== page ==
Afghanistan: Rethinking an Old Alliance


By: Greg C. Reeson

The United States and its allies are in danger of losing the war in Afghanistan. A resurgent Taliban is in control of large parts of the country, the central government in Kabul is corrupt and incapable of exerting its authority beyond the capital, a flourishing drug trade is financing criminals, war lords, and terrorists, violence is spiraling out of control, and members of the U.S.-led coalition are growing weary of a stability operation-turned-full-fledged war that is eroding public opinion among the populations of Afghanistan, Europe, and the United States.

In the U.S., President Barack Obama has ordered a comprehensive strategic review of the American effort in Afghanistan, and has announced his intention to increase the number of American military forces in the country by as many as 30,000. That would bring the total U.S. commitment to about 65,000, around double the number provided by all other nations contributing assets to the fight against Taliban and al Qaeda militants. As the United States seeks a new way forward in Afghanistan, it should seriously consider leaving behind old alliances that are proving to be more of a hindrance than a help in prosecuting the Global War on Terrorism. A good place to start is with NATO.

NATO was originally formed to defend Western Europe from the threat posed by an expansionist Soviet Union. The fall of the Berlin Wall and the collapse of America’s rival superpower left the alliance without a common enemy, and in search of a new reason for its existence. That reason appeared to be made clear when al Qaeda terrorists struck the United States in New York and Washington, D.C. on September 11, 2001. NATO rallied to America’s side and immediately invoked the collective defense article of its charter, affirming its founding principle that an attack against one member state was an attack against all. NATO’s initial display of unified determination to confront radical Islamism, however, quickly gave way to a half-hearted effort in Afghanistan that has been held back by limited troop contributions and national caveats on the employment of those troops that ultimately has limited the ability of coalition commanders in the field to effectively fight the war.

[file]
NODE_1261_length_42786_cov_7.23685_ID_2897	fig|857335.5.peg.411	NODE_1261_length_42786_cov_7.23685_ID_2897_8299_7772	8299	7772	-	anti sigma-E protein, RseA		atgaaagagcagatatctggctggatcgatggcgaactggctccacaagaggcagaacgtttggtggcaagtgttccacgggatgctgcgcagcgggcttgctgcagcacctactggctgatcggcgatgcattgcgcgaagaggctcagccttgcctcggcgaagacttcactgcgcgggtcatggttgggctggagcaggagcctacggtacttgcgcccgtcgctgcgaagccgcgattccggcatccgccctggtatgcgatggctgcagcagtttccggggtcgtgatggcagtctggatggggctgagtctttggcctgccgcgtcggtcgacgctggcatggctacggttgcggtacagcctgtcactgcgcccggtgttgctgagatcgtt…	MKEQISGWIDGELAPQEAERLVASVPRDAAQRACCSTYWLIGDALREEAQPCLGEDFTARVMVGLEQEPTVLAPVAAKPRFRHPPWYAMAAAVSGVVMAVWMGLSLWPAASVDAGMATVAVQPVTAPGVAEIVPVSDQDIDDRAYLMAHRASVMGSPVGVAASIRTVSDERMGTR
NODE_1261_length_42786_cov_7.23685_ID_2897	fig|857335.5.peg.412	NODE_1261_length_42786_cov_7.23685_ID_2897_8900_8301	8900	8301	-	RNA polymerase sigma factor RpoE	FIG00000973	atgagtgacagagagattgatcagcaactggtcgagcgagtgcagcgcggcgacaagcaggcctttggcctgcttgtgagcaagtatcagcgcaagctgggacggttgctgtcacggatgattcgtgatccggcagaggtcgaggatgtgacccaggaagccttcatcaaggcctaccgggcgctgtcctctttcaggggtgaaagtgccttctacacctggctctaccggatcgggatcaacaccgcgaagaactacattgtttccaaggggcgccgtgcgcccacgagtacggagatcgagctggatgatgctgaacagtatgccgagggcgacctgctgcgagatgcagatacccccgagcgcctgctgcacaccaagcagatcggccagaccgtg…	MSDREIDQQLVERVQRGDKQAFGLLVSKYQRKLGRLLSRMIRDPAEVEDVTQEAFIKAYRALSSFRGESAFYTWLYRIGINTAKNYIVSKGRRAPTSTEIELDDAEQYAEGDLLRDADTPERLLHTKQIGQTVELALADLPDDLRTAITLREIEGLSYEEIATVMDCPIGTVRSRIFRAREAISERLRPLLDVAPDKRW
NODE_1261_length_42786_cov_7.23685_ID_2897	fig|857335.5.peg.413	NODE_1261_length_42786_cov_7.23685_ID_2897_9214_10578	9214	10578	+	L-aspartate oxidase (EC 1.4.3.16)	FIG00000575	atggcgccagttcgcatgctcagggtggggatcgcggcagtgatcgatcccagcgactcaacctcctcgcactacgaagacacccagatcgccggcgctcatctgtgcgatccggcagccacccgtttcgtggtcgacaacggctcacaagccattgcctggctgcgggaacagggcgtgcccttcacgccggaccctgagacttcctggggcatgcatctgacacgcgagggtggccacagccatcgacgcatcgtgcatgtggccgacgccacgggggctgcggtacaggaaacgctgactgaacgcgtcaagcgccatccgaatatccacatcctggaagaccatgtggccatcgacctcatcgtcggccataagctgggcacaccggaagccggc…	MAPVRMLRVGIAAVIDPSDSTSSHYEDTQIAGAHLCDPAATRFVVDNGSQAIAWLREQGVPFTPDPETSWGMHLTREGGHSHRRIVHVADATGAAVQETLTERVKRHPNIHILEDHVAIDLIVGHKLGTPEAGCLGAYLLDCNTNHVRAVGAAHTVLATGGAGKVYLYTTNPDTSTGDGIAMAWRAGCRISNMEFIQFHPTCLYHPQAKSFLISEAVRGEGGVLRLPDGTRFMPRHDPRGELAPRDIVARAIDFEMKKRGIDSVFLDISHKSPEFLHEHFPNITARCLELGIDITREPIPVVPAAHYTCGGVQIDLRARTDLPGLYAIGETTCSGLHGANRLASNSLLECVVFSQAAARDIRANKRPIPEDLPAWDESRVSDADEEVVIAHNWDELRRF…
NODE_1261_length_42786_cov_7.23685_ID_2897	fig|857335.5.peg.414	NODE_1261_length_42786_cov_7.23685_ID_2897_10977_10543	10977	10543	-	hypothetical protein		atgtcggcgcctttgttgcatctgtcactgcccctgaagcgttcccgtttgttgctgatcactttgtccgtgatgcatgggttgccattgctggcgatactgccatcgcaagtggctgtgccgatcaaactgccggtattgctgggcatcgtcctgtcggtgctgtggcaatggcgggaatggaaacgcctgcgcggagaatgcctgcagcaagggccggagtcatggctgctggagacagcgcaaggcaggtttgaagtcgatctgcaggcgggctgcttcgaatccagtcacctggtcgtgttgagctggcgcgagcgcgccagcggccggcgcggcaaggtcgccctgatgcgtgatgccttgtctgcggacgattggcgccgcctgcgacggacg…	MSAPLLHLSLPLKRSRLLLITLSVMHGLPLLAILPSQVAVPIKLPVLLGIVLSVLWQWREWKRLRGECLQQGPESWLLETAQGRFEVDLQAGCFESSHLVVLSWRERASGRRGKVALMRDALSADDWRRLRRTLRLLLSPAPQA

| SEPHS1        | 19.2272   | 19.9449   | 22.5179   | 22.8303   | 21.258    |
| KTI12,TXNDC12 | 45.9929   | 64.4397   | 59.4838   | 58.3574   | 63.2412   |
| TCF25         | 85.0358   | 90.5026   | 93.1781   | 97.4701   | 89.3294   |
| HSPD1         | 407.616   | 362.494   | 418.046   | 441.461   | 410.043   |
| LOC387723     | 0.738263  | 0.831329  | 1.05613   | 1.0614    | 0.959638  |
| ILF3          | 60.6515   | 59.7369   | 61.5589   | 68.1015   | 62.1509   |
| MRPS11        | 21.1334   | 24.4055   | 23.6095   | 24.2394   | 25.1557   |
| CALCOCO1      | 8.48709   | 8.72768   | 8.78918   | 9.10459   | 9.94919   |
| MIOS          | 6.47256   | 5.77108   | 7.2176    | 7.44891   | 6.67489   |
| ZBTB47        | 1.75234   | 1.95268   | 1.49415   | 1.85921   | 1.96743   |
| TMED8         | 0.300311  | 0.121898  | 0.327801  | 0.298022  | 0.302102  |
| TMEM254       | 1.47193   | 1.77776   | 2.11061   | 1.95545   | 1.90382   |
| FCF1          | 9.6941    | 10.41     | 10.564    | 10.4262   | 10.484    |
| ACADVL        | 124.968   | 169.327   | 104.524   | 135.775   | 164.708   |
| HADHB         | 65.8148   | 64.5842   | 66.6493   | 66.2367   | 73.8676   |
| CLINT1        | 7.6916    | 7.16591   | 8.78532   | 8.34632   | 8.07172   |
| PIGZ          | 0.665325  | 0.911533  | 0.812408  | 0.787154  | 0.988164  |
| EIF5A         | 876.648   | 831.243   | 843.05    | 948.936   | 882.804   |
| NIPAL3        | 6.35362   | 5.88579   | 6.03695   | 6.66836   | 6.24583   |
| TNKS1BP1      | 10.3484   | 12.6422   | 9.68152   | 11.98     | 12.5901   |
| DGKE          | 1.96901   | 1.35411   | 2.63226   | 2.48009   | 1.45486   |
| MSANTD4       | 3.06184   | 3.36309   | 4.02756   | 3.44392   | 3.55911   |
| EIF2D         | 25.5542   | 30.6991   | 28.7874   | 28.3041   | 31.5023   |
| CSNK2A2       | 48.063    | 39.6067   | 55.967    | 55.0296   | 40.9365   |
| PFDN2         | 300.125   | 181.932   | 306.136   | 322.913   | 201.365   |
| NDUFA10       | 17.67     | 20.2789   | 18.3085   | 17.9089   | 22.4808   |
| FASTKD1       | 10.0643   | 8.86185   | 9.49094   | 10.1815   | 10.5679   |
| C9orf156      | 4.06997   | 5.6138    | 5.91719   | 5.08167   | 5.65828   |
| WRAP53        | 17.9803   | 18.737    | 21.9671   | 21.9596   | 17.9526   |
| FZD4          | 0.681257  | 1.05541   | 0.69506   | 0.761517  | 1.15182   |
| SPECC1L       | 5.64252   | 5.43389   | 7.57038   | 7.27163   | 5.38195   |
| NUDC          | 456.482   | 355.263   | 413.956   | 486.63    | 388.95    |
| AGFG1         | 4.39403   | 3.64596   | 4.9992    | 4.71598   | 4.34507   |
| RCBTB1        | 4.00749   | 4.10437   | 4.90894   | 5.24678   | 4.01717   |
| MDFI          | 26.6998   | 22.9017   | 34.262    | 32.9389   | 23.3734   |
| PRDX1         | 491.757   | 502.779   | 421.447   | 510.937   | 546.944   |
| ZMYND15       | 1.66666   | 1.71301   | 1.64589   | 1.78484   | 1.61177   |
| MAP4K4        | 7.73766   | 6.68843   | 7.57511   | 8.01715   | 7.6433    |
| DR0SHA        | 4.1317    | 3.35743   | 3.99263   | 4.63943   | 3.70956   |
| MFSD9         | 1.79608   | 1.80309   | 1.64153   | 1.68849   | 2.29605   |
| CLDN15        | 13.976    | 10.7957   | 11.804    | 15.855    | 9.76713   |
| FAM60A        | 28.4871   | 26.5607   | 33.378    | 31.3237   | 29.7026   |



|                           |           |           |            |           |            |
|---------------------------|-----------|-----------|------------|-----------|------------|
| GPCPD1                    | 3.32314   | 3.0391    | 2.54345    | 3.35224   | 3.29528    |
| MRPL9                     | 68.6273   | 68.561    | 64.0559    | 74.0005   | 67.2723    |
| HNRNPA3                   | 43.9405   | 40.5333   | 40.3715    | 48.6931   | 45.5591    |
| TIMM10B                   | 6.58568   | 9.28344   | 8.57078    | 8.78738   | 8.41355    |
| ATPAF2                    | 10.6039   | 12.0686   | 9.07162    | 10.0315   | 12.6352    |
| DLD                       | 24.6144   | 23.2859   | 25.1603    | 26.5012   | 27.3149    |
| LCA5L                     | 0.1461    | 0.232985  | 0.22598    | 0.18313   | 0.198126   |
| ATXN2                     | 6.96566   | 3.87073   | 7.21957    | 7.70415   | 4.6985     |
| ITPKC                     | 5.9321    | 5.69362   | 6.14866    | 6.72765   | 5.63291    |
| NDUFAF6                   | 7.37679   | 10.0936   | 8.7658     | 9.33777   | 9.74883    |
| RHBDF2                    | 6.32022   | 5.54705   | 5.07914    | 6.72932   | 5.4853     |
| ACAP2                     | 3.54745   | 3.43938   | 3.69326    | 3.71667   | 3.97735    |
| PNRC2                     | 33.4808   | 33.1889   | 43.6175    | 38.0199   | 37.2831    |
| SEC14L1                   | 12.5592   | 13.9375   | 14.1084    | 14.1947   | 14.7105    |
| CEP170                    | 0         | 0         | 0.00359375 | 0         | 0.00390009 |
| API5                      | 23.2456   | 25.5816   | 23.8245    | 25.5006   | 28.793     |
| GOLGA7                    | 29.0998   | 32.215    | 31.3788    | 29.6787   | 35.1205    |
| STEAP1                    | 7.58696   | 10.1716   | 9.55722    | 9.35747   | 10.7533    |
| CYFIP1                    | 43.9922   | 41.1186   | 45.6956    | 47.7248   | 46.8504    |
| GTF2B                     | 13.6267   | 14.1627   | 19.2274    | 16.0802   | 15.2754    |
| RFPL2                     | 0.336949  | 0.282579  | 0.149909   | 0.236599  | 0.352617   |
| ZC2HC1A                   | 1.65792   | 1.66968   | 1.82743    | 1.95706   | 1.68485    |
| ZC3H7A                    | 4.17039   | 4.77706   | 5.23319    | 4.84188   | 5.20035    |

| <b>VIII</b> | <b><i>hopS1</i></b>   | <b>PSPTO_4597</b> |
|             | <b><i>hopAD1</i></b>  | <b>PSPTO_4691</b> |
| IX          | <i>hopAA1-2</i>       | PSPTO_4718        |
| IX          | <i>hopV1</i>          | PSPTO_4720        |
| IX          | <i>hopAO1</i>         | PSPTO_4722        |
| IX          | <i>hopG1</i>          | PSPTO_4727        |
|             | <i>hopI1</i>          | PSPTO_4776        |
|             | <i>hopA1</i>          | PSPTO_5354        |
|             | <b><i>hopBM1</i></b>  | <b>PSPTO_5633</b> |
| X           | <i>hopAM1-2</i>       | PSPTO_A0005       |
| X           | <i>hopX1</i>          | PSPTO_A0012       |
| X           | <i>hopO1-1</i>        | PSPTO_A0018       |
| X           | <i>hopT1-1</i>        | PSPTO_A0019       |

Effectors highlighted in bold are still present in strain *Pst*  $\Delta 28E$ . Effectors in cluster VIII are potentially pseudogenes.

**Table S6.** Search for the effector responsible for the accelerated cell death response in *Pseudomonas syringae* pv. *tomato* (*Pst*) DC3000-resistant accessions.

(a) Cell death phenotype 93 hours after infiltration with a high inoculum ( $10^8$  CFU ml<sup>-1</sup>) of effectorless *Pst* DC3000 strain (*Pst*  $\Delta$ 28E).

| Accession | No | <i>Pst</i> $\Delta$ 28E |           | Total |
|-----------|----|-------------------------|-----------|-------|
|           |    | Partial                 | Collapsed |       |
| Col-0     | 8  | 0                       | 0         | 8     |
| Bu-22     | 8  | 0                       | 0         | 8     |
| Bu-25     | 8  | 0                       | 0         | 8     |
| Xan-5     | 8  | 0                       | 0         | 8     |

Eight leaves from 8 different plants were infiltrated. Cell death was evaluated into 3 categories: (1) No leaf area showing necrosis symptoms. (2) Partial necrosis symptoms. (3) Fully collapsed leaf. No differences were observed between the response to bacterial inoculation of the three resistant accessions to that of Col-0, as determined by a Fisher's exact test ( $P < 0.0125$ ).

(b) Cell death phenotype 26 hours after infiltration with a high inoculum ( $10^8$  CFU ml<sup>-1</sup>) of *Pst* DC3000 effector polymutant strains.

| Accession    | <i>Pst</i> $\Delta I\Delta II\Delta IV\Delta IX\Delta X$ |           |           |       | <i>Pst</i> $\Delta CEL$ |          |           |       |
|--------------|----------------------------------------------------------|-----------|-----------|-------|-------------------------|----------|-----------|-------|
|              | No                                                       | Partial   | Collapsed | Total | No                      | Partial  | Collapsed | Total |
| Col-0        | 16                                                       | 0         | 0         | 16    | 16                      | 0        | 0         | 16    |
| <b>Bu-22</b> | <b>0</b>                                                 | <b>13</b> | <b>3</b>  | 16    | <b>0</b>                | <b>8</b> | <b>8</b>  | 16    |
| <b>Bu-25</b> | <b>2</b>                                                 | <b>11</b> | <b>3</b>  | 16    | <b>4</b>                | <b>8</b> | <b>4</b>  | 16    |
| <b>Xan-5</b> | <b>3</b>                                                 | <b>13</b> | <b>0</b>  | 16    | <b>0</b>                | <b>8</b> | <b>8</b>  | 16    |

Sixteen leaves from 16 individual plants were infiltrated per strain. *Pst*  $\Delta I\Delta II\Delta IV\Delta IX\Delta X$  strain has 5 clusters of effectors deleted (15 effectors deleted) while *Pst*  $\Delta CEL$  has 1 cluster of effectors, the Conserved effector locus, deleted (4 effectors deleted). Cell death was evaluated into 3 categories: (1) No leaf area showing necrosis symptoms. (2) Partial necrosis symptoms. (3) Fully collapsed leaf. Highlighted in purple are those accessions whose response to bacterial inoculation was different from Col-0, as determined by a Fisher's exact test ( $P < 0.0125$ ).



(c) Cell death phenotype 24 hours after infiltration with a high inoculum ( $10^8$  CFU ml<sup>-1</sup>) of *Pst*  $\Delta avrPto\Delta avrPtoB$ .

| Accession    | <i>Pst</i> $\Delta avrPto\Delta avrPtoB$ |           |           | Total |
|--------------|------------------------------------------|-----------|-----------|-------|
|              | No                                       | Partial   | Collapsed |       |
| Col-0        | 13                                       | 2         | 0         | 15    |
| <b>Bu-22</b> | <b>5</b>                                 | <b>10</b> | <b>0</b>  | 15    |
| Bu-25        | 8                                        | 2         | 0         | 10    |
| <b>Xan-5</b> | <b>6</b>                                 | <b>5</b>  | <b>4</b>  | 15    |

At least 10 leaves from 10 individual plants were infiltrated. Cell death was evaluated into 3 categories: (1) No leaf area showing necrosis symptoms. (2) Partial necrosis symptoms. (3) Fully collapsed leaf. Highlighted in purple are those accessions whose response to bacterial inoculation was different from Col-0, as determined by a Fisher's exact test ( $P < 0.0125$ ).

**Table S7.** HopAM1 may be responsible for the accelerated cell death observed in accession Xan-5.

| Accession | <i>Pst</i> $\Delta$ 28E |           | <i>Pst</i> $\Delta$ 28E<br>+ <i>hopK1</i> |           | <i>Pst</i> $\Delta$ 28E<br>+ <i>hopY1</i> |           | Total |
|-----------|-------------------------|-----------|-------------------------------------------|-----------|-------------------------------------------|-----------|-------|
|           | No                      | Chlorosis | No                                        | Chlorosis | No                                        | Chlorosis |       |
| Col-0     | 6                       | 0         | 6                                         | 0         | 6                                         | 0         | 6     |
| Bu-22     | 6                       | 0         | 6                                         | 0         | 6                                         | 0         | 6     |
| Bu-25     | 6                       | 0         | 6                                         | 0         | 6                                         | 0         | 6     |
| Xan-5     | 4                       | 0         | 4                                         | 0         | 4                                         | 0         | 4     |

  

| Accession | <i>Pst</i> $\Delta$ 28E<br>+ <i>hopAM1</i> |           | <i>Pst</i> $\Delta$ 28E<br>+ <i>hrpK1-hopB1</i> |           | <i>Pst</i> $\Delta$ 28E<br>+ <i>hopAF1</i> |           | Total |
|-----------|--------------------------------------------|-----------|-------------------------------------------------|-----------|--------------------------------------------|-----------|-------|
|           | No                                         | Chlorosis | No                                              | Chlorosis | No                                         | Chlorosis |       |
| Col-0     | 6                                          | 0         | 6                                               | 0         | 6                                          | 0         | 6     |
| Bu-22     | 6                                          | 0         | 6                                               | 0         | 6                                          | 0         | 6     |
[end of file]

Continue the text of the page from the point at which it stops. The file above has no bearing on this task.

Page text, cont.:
Right now the United States has more than 30,000 troops committed to Afghanistan, while the next largest troop contributor, Great Britain, has less than 9,000. Other major allies, including Germany, France, Canada, The Netherlands, Australia and Italy, are contributing less than 3,000 each. President Obama promised during his campaign that he would ask the United States’ NATO allies to increase their force contributions in Afghanistan, but their response thus far has been nothing short of disheartening. Great Britain announced plans to send 300 more soldiers, and Italy intends to send 800 more. France has said a small, non-combat element may be sent, and Australia, a non-NATO ally with roughly 1,000 soldiers in Afghanistan, is taking the allocation of additional troops under consideration. Germany immediately rejected the idea of sending more forces, a move quickly followed by Spain, and both The Netherlands and Canada are planning on withdrawing their contingents in 2010 and 2011, respectively.
NATO’s Western European members and Canada are in a difficult situation. Lacking domestic support for continuing operations in Afghanistan, but understanding their commitments to the alliance, many member states have imposed national caveats on their forces that severely restrict their usefulness to commanders on the ground. Some are confined to their bases in support roles, while others are only permitted to engage in reconstruction and humanitarian operations. Some can only operate during daylight, and others are only able to fire their weapons in self defense (ruling out their use for offensive operations). The end result is that very few nations, the United States, Great Britain, and Canada to be precise, are bearing the brunt of the fighting, and the dying.
NATO is not likely to get its act together in time to save Afghanistan, and a failed Afghan state is just not a realistic option for the United States. Losing in Afghanistan would not just open the door to terrorists seeking a safe haven from which to operate. It would pave the way for the failure of Pakistan, a nuclear-armed nation of nearly 200 million that is barely hanging on against Islamic radicals threatening it from Afghanistan and from within its own borders.

The United States is running out of options, and the time has come to consider abandoning an ineffective NATO in favor of coalitions of like-minded nations that possess both the will and the capability necessary to succeed. Some of those nations will be NATO member states; others will not. There is no escaping the reality that NATO has fallen victim to the same national divisions that have rendered the United Nations impotent when it comes to solving global security problems. It is a basic truth of international relations that alliances come and go, but national interests endure. Given what is at stake in Afghanistan, for the region and for the world, the United States must acknowledge that the current NATO effort is not working. Doing so will allow Washington to finally craft a strategy for success where America and its allies have thus far known nothing but failure.

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